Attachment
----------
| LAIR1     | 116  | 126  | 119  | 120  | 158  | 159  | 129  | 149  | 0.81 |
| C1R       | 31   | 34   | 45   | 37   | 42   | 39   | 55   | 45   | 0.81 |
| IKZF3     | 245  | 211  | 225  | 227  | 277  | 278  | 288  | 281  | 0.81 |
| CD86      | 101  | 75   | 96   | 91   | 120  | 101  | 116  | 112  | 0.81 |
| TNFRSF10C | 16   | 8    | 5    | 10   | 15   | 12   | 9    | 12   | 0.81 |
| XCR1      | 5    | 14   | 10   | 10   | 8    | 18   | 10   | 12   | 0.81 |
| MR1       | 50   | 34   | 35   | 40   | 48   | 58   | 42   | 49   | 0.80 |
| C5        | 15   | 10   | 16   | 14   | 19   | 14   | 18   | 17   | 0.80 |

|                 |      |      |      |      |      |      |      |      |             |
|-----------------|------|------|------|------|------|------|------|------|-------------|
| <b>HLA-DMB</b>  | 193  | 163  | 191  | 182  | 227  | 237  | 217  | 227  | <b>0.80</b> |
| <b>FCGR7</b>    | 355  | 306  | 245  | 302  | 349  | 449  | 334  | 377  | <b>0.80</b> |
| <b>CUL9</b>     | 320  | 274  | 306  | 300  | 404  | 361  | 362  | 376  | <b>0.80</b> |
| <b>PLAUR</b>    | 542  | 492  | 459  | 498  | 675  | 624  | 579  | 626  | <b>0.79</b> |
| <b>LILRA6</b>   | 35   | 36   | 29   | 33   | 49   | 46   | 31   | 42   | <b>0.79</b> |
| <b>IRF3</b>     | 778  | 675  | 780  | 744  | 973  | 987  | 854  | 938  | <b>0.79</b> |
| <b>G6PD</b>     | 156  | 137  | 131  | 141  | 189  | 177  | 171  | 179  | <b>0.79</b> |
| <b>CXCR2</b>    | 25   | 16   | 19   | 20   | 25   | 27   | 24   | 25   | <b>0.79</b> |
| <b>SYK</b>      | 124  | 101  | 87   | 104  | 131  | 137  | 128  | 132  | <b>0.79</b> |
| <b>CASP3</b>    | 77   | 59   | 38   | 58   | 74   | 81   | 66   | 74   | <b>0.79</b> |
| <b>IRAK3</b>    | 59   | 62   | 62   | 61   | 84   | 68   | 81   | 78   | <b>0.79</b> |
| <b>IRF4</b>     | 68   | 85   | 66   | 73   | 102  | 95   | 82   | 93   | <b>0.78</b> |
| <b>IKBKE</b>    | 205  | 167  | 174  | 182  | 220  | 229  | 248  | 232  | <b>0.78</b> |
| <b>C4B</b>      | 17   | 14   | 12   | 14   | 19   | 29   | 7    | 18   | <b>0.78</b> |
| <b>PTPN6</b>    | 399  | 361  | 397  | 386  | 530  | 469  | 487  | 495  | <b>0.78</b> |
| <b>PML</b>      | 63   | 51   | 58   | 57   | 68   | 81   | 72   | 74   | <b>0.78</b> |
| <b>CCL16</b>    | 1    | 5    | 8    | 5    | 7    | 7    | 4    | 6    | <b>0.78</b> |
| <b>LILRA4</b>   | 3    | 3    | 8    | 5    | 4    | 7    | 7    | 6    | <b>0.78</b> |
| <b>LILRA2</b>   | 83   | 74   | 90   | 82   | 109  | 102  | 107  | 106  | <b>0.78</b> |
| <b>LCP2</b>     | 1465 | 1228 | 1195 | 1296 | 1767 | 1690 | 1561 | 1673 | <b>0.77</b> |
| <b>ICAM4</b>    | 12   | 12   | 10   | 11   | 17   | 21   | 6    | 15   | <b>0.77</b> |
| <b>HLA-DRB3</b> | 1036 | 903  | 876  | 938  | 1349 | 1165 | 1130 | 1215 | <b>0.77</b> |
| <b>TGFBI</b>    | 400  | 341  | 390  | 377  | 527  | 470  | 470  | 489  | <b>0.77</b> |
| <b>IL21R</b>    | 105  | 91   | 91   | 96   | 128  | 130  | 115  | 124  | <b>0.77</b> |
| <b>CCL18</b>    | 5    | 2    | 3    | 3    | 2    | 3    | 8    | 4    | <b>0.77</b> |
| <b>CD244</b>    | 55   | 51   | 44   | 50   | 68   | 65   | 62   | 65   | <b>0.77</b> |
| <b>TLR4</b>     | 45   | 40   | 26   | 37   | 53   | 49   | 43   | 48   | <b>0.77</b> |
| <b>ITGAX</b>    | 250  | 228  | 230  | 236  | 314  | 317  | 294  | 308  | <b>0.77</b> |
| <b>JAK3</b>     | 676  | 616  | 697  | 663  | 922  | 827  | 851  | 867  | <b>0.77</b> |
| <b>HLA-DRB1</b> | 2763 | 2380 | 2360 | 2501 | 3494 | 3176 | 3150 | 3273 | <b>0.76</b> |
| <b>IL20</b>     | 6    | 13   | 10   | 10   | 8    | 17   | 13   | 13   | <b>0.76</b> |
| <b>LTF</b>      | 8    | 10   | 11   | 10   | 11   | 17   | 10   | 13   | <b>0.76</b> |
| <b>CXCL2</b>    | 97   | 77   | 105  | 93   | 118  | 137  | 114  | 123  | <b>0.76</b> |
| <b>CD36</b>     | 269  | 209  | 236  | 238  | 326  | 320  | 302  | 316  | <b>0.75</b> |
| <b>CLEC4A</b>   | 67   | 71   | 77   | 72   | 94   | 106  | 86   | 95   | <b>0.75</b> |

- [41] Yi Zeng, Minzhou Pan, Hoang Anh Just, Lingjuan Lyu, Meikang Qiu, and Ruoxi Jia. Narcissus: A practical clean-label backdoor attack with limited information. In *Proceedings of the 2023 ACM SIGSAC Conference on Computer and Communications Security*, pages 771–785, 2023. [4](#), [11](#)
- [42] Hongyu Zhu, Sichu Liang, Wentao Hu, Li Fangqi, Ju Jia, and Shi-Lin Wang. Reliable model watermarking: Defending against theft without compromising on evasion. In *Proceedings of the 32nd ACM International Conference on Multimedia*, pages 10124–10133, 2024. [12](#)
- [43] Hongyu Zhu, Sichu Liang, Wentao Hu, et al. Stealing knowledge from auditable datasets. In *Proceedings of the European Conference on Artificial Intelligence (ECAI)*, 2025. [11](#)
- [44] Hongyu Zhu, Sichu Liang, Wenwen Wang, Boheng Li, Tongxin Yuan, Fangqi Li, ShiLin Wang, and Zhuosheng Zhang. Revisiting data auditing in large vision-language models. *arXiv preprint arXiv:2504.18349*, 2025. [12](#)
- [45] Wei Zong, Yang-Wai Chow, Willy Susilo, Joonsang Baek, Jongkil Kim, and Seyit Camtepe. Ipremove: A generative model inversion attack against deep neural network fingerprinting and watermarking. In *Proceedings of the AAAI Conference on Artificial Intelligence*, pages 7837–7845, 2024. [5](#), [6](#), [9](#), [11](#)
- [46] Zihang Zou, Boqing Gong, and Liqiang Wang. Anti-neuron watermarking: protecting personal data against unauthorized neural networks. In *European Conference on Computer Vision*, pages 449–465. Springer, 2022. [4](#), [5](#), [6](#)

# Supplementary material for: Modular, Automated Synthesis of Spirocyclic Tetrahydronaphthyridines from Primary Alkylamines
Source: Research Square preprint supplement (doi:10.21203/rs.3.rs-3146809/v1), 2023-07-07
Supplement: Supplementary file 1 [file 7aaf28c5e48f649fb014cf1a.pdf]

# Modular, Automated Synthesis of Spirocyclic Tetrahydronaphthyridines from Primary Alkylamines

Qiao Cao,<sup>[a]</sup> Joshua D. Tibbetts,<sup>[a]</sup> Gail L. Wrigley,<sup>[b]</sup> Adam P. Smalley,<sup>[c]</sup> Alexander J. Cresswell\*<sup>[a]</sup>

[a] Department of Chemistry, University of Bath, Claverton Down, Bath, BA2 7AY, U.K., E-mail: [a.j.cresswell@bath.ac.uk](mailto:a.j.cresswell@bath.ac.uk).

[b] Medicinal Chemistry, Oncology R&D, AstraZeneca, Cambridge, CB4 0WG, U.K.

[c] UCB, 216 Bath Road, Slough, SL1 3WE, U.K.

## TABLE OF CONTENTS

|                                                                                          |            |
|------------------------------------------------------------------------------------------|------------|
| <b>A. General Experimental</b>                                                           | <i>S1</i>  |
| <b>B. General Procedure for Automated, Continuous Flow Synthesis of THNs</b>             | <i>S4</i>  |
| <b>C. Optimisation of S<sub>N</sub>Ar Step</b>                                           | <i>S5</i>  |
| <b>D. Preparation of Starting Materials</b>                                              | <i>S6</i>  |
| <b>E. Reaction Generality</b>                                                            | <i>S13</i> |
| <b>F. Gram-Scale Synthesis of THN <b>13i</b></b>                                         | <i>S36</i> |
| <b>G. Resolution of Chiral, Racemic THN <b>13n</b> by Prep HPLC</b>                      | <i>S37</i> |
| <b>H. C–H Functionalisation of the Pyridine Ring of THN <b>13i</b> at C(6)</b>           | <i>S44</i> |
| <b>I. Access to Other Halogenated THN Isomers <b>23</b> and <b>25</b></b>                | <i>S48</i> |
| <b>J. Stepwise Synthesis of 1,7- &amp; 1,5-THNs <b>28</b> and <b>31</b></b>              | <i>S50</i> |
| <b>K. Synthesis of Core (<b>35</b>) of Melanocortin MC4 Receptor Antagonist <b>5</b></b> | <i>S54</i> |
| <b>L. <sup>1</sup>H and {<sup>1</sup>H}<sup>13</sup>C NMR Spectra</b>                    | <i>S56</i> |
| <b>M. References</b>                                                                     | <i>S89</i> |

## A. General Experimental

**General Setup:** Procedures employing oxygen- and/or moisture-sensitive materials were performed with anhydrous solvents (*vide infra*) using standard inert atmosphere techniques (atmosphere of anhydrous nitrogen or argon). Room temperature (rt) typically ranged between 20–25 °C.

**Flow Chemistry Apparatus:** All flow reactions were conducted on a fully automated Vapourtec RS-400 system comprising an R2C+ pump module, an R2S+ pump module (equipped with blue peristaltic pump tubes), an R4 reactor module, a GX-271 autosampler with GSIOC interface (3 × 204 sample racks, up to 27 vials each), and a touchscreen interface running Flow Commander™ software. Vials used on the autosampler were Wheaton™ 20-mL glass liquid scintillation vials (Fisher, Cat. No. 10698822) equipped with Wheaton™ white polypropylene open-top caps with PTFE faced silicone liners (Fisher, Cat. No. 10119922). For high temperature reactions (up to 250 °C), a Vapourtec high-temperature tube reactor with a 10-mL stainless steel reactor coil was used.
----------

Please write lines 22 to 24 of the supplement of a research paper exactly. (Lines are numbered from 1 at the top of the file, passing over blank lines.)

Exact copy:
| <b>IRF4</b>     | 68   | 85   | 66   | 73   | 102  | 95   | 82   | 93   | <b>0.78</b> |
| <b>IKBKE</b>    | 205  | 167  | 174  | 182  | 220  | 229  | 248  | 232  | <b>0.78</b> |
| <b>C4B</b>      | 17   | 14   | 12   | 14   | 19   | 29   | 7    | 18   | <b>0.78</b> |